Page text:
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Turkey switches on to TV market


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Turkish-built televisions now account for more than half of those sold in Europe.
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ISTANBUL, Turkey (CNN) -- An historic crossroads between European and Asian cultures, Turkey is better known for the exotic bazaars and ancient monuments of old Istanbul than for its factories.

Yet Turkey now produces more than half of the televisions sold in Europe. Beko, Turkey's top home appliance maker, manufactures 20,000 a day from its headquarters outside Istanbul under more than 100 different brand names.

While different brands are kept separate on the factory floor, costs are lowered by sharing packing, distribution and staff costs.

But although Beko may have built its reputation as a bulk manufacturer, the company now has ambitions to prove that Turkish engineering can do quality as well as quantity.

Last year it bought failed German home electronics firm Grundig, a name synonymous with high quality, in a $100 million deal.

Although Grundig had previously sub-contracted some of its production to Beko, the company had run into serious financial difficulties after keeping its main manufacturing base in Austria when most of its rivals had moved to cheaper countries.

Beko opted to keep the Grundig brand name, to compliment its low and mid-range products, but moved all production to Istanbul.

"That was the best solution for us, to support our strategy in the long term," says Beko general manager Ali Sumerval.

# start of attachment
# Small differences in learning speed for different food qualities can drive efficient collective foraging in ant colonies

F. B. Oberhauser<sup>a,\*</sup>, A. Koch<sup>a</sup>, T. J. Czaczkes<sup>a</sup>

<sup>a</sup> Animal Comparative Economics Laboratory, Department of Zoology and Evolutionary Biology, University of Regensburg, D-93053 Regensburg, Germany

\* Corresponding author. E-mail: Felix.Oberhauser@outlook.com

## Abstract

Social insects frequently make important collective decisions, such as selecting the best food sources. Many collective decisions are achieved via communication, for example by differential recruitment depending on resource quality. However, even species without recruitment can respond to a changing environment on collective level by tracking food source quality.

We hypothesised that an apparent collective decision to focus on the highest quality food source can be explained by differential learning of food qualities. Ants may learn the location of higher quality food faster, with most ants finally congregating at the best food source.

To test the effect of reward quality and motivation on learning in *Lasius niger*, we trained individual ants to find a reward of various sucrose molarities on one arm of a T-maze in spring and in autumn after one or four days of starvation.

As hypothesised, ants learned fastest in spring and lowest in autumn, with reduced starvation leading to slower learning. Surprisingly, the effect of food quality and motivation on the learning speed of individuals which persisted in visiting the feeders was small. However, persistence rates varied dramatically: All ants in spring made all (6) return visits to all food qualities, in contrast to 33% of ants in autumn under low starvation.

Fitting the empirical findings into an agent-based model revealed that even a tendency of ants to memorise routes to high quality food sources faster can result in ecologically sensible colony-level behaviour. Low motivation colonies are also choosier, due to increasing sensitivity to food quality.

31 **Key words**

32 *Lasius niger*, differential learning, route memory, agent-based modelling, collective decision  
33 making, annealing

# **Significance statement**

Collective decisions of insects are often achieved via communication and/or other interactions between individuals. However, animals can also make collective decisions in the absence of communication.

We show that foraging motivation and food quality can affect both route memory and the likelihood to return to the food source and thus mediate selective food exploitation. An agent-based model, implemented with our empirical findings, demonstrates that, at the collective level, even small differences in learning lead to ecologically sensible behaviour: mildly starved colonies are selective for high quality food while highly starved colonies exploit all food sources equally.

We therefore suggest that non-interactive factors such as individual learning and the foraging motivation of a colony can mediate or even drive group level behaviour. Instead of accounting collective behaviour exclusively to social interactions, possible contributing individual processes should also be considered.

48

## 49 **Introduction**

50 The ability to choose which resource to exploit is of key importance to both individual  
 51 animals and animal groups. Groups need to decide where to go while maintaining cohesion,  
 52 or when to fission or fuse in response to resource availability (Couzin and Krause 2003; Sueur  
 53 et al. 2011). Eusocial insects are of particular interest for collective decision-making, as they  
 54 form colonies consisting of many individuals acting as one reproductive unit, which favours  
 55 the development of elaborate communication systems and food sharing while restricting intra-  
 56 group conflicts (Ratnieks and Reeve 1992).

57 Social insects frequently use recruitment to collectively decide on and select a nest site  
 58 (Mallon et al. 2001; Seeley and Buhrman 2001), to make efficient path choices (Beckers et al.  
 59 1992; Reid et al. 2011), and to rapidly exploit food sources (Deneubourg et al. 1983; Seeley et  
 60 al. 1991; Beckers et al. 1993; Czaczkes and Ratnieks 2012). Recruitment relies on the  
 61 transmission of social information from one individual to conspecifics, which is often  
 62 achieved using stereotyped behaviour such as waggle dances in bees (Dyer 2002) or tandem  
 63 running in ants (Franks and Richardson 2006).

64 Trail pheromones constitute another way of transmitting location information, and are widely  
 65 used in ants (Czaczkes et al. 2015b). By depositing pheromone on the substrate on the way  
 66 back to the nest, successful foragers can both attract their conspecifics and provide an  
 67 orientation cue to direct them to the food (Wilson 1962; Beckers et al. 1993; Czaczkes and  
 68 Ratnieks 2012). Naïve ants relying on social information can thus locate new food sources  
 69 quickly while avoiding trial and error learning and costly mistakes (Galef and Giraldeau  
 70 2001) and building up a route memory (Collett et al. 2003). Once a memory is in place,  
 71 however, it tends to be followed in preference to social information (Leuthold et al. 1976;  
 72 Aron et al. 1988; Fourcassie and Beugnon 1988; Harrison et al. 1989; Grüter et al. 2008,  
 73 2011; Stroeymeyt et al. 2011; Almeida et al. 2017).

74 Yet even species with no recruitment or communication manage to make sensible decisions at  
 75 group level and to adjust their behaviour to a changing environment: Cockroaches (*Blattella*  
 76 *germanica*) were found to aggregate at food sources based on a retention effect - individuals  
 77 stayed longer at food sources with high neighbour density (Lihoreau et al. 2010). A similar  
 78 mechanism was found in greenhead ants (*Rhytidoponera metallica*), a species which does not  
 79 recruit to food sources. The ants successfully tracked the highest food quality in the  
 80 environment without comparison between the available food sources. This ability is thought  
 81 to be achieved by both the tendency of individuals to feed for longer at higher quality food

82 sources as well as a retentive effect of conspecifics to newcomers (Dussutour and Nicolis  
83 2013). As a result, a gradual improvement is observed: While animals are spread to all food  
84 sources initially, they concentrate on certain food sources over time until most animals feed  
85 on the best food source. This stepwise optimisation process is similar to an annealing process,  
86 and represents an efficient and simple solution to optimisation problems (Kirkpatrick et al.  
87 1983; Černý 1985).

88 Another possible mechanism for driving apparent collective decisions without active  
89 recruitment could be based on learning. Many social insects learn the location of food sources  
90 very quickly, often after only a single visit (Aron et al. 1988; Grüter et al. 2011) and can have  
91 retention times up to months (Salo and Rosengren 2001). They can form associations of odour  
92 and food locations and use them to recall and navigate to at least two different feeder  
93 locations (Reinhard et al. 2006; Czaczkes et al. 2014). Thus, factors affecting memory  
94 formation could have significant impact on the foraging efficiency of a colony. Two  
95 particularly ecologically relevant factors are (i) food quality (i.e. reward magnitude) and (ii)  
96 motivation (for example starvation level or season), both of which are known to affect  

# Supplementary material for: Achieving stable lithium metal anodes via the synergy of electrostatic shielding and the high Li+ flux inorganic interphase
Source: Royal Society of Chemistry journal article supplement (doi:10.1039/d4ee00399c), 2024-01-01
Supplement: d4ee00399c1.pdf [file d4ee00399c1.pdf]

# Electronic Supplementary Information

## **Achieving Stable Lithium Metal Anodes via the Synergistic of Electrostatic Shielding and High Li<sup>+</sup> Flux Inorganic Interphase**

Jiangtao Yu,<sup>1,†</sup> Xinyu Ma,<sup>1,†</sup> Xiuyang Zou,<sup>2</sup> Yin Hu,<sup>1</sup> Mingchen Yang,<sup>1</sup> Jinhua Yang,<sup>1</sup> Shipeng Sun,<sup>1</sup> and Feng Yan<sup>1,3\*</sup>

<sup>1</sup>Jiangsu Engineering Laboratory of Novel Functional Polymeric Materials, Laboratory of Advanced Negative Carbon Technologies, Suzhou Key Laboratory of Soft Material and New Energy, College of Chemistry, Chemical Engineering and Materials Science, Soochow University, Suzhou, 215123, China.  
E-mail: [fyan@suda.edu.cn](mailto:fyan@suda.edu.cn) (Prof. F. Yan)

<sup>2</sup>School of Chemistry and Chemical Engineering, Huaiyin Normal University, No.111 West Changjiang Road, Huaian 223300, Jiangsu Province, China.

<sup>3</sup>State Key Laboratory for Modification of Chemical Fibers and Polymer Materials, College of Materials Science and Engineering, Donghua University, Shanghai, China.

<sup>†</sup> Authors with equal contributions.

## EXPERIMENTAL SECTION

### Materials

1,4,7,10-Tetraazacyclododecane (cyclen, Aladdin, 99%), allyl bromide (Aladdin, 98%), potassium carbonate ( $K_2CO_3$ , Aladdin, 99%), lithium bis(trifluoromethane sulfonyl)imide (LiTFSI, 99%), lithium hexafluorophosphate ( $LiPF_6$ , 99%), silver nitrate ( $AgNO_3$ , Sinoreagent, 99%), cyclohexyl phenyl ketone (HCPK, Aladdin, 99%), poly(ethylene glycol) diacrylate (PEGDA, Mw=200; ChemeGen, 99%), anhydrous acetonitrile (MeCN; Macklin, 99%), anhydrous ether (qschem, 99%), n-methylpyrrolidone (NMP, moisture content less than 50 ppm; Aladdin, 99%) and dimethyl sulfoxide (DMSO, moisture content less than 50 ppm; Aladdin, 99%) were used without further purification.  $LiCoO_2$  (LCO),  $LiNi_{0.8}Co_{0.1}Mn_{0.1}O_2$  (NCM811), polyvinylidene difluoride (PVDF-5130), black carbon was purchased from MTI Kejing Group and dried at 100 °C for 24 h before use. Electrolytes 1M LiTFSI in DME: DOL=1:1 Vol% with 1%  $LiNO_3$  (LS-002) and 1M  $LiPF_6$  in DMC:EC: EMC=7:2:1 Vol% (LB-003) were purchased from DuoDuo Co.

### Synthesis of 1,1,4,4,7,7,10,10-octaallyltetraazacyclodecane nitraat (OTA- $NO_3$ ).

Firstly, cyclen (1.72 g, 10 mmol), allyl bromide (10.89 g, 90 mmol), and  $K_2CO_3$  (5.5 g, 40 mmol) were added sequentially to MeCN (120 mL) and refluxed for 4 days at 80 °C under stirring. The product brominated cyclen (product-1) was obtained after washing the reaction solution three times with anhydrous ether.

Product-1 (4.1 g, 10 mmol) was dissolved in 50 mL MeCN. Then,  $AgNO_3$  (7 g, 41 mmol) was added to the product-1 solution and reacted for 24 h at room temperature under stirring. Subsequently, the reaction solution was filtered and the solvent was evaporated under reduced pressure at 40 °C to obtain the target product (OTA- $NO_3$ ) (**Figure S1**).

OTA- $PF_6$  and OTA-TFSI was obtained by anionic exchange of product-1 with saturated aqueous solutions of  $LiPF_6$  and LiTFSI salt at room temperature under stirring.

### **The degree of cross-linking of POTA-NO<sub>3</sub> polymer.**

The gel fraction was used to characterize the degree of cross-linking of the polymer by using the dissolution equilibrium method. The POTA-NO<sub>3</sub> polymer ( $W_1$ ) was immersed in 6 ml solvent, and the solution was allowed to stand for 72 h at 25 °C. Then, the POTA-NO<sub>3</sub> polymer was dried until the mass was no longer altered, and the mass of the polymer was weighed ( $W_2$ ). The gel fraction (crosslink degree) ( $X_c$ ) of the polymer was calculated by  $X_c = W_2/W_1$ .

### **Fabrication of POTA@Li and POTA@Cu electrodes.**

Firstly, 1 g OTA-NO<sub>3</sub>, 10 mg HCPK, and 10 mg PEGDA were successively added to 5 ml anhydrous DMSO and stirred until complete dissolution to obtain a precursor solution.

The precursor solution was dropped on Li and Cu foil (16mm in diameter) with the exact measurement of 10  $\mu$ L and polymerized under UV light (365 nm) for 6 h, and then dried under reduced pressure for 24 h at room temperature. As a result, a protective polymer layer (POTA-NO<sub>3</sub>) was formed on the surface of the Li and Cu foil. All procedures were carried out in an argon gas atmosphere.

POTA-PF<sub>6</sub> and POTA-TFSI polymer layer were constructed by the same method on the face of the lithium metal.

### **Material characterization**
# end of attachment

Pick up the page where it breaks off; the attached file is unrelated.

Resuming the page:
"Instead of having the manufacturing facilities in Europe, we would rather keep the brand name, the sales organization and all patents. Creating a brand name could be a strategy, but it would be very costly. It's not the efficient way from now on to promote new brand names."

Part of that strategy, admits Beko's vice-president of marketing Eric Demircan, is to play down Grundig's relocation to Turkey.

"When we started the process of acquiring Grundig, we decided we had to manage the branding very delicately," says Demircan.

"We didn't want to emphasize the company that was acquiring Grundig as a Turkish company, because the brands have a flavor of the country they belong to. We didn't want to lose the feeling of Grundig being a German brand; solid, long life and a little big conservative, maybe."

But with Beko helping to make $11 billion in revenue in 2003 for the Koc Group, Turkey's biggest conglomerate, its boss believes Turkish industry is finally shaking off a long-standing image problem.

"Well, in the old days we had image problems," says Bulent Bulgurlu, Koc's president of durable goods.

"But in the last 10 or 15 years, all Turkish industry and manufacturers have developed themselves to a better extent and these image problems are getting less and less."

In acquiring Grundig Beko teamed up with British low-cost TV manufacturer Alba and Bulgurlu believes Beko has much to learn from the partnership.

"We have the know-how and expertise in technology," he says. "We know how to manufacturer and be competitive. Whereas Alba has great experience in marketing, sourcing and quickly adapting to the changes in the market in Europe."

Although Thomson won the battle to acquire Grundig, it faces stern competition from Chinese electronics company TCL, which pulled off a similar stunt in 2003 when it acquired French television manufacturers Thomson.

But Beko claims Thomson lost some of its shine during those troubled times, whereas Grundig has emerged with its reputation unscathed, recently trebling its market share in Germany to eight percent.

Beko is hoping for similar growth in other markets from 2006, when it puts the television with a German past and a Turkish future back on the world stage.

-- CNN's Jim Boulden contributed to this report.


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